Allam added, “The three parties [Egypt, Sudan and Ethiopia] need to coordinate over the filling and operation of the GERD. For instance, in case Ethiopia decides to generate electricity, a large amount of water will be required at a time when the Roseires Dam will be totally full. In this case, the Roseires dam will collapse. Ethiopia has not officially announced the amount of water that has been stored, which is proof that there is no coordination [with the downstream countries]. The three countries should work to optimize usage of water discharge from the Nile water, which may hit 40 billion cubic meters. Egypt’s share of the Nile water cannot be reduced, because Cairo already has a water deficit of up to 50%. Egypt receives 60 billion cubic meters of the Nile water annually, while it needs up to 114 billion cubic meters per year. Due to this deficit, Egypt imports several crops, including grains such as wheat.”
He said that according to information provided by the Egyptian state agencies, Ethiopia stored between 7 billion to 8.5 billion cubic meters in the dam’s reservoir.
On July 24, the Egyptian Ministry of Irrigation said it has taken all necessary measures to deal with potential flooding through periodic maintenance works at the High Aswan Dam facilities and emergency spillways.
Nader Noureddine, an expert on water resources, told Al-Monitor that technical concerns over potential cracks in the dam and over the dam’s safety indicate that the GERD cannot contain 13.5 billion cubic meters this year, as planned. The Nile flood water volume increased this year due to rainfall, and the Blue Nile water flow and Nile flood water began to cross into the Sudanese territory and Egypt, he added.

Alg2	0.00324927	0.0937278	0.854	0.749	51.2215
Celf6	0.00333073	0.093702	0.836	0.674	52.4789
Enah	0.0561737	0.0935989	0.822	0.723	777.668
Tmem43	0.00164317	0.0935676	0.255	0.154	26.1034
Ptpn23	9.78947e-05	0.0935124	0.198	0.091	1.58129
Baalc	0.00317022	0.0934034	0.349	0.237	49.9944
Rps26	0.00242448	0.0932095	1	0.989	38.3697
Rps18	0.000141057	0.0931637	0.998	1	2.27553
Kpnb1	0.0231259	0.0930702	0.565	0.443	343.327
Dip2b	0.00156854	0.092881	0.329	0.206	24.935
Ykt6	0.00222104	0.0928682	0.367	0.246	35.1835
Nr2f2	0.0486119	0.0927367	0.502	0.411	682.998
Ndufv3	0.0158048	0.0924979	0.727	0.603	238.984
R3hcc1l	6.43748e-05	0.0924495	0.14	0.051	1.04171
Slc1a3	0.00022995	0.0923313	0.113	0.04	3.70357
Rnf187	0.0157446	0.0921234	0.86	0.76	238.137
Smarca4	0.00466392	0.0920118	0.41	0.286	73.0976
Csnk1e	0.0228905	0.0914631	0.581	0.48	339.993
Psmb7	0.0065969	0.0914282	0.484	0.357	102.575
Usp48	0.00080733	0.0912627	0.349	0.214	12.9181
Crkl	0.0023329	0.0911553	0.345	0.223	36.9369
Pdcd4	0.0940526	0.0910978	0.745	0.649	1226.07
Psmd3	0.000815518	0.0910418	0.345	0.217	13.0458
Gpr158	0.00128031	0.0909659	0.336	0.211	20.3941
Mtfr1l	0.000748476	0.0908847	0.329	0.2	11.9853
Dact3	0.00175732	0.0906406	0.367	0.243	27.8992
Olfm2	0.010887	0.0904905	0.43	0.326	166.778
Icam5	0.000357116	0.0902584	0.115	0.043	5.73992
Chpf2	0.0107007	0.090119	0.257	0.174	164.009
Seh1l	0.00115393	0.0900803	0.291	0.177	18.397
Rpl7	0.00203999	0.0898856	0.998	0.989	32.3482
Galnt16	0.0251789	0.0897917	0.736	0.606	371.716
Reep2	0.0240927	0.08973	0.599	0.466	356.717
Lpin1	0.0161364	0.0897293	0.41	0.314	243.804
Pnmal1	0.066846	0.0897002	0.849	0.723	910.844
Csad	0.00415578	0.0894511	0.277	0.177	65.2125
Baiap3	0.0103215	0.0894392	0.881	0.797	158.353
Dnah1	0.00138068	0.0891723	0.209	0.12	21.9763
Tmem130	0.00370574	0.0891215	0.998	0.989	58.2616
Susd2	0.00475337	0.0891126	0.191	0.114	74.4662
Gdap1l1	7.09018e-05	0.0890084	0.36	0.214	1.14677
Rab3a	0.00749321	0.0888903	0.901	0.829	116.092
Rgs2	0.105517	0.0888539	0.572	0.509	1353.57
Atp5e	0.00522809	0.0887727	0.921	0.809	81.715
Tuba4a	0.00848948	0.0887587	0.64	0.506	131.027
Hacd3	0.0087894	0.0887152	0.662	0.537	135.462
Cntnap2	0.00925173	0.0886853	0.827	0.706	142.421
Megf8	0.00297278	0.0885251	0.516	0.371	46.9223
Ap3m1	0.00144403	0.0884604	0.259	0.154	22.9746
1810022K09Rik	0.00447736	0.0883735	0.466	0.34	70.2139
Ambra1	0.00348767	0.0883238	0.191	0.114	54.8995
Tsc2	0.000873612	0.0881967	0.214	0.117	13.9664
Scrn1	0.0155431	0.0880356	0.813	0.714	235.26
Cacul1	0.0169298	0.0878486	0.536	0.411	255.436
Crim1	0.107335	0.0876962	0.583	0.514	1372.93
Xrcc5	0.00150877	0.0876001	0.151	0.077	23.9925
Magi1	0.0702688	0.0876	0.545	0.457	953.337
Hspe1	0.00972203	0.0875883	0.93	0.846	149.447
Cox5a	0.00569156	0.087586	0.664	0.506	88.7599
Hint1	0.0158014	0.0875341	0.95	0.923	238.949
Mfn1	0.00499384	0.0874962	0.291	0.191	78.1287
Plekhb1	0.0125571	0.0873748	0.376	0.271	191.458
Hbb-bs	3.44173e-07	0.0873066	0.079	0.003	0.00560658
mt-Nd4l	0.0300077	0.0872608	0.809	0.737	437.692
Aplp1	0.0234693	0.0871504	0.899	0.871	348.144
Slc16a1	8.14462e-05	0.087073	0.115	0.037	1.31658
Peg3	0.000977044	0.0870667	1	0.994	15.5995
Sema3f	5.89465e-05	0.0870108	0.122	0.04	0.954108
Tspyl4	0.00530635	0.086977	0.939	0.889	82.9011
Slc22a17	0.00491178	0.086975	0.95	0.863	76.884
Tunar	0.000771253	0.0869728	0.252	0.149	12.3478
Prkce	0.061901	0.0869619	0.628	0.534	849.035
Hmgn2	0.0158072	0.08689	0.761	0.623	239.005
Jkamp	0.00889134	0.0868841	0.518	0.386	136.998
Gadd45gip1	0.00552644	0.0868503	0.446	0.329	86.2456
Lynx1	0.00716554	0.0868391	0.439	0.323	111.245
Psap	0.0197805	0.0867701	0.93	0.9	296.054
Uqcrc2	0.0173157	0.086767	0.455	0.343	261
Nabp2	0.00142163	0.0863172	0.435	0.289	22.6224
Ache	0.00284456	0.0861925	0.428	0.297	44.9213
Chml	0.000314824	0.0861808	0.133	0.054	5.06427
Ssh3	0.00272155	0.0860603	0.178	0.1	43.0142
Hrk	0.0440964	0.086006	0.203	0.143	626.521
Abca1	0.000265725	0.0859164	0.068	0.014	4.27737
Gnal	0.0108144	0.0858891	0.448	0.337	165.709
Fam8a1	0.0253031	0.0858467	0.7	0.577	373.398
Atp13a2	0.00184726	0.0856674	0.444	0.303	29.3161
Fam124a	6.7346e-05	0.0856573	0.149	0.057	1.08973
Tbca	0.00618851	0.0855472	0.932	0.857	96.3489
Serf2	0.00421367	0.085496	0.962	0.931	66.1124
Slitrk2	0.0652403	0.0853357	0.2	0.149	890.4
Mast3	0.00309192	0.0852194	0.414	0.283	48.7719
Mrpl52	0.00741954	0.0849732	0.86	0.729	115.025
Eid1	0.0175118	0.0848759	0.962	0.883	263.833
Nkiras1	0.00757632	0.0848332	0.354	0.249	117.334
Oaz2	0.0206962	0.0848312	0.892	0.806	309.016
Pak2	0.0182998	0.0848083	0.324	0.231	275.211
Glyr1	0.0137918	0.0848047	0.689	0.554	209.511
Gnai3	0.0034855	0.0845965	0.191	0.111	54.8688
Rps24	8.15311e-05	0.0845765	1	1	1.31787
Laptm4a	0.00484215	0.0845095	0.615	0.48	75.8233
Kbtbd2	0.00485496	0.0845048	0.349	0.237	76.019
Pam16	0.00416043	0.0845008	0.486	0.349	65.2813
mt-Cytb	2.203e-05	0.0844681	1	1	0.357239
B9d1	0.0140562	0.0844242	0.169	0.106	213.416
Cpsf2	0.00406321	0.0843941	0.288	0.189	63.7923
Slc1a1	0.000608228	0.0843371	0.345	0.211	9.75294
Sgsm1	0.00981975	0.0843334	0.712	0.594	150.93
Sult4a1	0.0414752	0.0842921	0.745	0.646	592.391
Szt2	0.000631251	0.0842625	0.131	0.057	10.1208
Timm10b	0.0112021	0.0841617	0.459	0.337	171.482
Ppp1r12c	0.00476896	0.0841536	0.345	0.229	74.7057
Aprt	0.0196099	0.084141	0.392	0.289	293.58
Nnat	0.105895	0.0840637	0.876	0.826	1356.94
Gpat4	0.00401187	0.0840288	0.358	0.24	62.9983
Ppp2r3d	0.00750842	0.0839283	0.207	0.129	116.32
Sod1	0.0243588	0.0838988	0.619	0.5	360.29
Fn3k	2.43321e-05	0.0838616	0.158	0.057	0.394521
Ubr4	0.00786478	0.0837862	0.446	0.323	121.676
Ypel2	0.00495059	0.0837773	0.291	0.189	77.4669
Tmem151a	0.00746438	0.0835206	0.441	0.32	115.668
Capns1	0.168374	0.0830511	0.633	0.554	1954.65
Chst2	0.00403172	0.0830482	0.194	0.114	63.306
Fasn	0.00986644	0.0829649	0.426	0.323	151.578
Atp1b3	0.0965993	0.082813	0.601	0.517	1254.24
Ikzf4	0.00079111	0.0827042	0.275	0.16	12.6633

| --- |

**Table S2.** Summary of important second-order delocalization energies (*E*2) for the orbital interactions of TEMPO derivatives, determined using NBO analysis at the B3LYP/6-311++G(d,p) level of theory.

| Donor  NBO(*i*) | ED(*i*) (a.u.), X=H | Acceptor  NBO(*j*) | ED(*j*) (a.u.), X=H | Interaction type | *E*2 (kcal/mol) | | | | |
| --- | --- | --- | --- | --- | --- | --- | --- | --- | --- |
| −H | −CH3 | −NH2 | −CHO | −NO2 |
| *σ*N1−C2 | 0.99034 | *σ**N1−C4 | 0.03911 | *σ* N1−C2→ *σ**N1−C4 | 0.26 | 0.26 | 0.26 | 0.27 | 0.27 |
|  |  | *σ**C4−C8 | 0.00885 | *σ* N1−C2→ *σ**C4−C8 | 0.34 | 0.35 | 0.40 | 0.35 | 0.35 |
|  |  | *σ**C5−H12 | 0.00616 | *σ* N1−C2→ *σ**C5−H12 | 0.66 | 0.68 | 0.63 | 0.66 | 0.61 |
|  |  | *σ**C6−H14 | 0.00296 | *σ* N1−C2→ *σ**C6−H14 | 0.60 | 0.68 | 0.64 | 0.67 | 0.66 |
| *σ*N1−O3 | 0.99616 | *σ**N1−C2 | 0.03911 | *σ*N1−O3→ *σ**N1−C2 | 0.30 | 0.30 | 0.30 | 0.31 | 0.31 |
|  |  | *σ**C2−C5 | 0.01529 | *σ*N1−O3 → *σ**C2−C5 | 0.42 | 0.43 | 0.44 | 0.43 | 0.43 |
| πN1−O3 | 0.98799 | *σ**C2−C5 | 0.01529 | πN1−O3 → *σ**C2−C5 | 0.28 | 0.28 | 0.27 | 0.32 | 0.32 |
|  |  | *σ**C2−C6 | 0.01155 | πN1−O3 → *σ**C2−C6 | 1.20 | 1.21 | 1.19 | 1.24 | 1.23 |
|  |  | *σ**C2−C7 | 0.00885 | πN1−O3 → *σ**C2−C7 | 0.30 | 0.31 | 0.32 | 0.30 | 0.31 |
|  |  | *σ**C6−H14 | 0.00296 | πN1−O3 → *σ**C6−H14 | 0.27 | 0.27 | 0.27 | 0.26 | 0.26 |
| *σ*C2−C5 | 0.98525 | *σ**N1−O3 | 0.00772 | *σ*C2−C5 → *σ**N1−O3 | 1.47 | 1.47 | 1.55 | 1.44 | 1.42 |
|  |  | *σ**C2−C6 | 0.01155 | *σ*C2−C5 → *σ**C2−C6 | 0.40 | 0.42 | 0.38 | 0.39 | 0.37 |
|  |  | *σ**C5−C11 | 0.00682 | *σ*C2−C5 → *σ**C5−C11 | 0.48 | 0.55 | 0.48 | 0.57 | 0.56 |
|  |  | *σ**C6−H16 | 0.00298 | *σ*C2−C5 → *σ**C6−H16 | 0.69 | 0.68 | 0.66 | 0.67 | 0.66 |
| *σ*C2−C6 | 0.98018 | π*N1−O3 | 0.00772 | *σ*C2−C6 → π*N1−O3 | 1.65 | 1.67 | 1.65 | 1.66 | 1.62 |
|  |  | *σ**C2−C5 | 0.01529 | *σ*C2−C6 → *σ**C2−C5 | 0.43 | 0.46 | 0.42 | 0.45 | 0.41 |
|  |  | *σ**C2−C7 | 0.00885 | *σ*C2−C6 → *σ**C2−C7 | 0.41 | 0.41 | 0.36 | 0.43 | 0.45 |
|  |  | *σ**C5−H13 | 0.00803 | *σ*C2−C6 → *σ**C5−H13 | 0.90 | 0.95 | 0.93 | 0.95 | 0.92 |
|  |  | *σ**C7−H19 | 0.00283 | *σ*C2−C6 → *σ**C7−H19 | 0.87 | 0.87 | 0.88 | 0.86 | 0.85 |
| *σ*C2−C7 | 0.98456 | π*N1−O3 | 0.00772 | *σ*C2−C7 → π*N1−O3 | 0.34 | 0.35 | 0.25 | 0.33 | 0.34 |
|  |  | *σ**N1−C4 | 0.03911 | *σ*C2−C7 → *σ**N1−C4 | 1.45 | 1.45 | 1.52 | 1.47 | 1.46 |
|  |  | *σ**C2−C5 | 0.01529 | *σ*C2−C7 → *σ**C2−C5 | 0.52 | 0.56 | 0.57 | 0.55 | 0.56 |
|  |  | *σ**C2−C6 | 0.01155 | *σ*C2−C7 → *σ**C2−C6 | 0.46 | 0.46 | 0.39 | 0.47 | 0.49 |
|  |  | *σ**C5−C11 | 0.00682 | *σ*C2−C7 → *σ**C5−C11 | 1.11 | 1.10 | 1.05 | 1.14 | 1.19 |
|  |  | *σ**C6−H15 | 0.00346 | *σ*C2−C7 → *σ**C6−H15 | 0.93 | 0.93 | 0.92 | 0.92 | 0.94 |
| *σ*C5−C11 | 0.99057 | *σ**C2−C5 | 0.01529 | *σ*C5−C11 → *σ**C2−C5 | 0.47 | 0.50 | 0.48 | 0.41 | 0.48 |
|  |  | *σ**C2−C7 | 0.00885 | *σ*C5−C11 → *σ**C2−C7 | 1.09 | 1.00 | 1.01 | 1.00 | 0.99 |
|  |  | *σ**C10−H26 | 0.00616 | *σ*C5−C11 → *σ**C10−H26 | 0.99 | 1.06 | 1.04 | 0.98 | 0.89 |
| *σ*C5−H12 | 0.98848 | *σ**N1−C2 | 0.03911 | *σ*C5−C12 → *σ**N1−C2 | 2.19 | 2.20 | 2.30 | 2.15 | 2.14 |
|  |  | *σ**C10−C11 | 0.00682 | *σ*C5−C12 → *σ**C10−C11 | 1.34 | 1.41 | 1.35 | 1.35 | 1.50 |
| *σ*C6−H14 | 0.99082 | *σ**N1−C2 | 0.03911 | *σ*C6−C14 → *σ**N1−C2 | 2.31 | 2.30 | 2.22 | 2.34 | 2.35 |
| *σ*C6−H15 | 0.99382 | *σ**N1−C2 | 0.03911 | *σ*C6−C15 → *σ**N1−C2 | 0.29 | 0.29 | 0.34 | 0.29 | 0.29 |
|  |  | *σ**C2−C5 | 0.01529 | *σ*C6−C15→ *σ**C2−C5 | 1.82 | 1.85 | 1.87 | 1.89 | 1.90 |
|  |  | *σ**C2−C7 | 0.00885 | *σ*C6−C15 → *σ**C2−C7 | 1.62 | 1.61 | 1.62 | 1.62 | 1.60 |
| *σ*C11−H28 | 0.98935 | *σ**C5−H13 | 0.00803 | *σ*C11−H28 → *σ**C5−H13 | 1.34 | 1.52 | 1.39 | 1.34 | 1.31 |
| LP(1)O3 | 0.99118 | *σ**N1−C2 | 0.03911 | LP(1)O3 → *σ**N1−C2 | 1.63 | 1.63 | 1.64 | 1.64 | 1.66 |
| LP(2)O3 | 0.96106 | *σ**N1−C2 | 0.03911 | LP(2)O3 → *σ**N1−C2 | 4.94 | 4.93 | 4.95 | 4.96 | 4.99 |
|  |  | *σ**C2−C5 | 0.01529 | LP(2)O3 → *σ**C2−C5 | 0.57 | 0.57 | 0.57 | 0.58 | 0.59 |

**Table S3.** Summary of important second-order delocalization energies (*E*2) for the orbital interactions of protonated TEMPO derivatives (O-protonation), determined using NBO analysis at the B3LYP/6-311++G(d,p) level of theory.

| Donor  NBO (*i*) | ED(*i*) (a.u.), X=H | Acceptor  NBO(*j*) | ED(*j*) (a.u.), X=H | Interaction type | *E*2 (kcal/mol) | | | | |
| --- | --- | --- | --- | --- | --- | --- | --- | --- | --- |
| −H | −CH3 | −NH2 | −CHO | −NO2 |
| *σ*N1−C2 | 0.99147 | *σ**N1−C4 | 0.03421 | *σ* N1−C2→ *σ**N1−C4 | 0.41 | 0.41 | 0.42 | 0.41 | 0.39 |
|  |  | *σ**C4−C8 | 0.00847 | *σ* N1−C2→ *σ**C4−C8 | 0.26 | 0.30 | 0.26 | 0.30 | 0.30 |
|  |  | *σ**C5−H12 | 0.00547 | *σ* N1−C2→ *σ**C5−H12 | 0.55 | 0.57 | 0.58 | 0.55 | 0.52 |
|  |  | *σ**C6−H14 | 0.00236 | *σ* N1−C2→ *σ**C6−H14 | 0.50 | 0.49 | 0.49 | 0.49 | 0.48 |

In a July 26 press statement, Hanadi Rasheed Abu Shawareb, director of the health emergencies and epidemic control department of the Sudanese Ministry of Health, said that 115 families in Gezira were affected by the floods on July 23-25.
Noureddine said that Sudan has opened the reservoirs of its three dams to enable large water quantities to flow to Egypt and protect its dams from damage or collapse. Khartoum receives about 11 billion cubic meters of water per month in July and August every year, which sometimes hits 15 billion cubic meters during high flood season. This requires Sudan to take precautionary measures every year prior to the flood season, by emptying all reservoirs to contain the flood water and enable the rest to flow to Egypt’s High Aswan Dam. 
He added that the High Aswan Dam has a full capacity of 162 billion cubic meters of water per year. The remaining capacity in Lake Nasser from last year determines whether the entire flood water will be stored or will flow through the Toshka spillway, which allows the flow of 22 billion cubic meters of flood water.
On July 28, Egyptian President Abdel Fattah al-Sisi met with James Wani Igga, vice president of the Republic of South Sudan for economic affairs and his accompanying ministerial delegation. During the meeting in Cairo, Sisi stressed Egypt’s firm position in favor of a binding legal agreement on the GERD filling and operation so as to meet all parties’ interests.
Commenting on the possibility that the floods hit Egypt, Noureddine said that the High Aswan Dam prevents any flooding from hitting Egypt, and the Toshka spillway allows the excess amount of flood water to be discharged into the Toshka desert.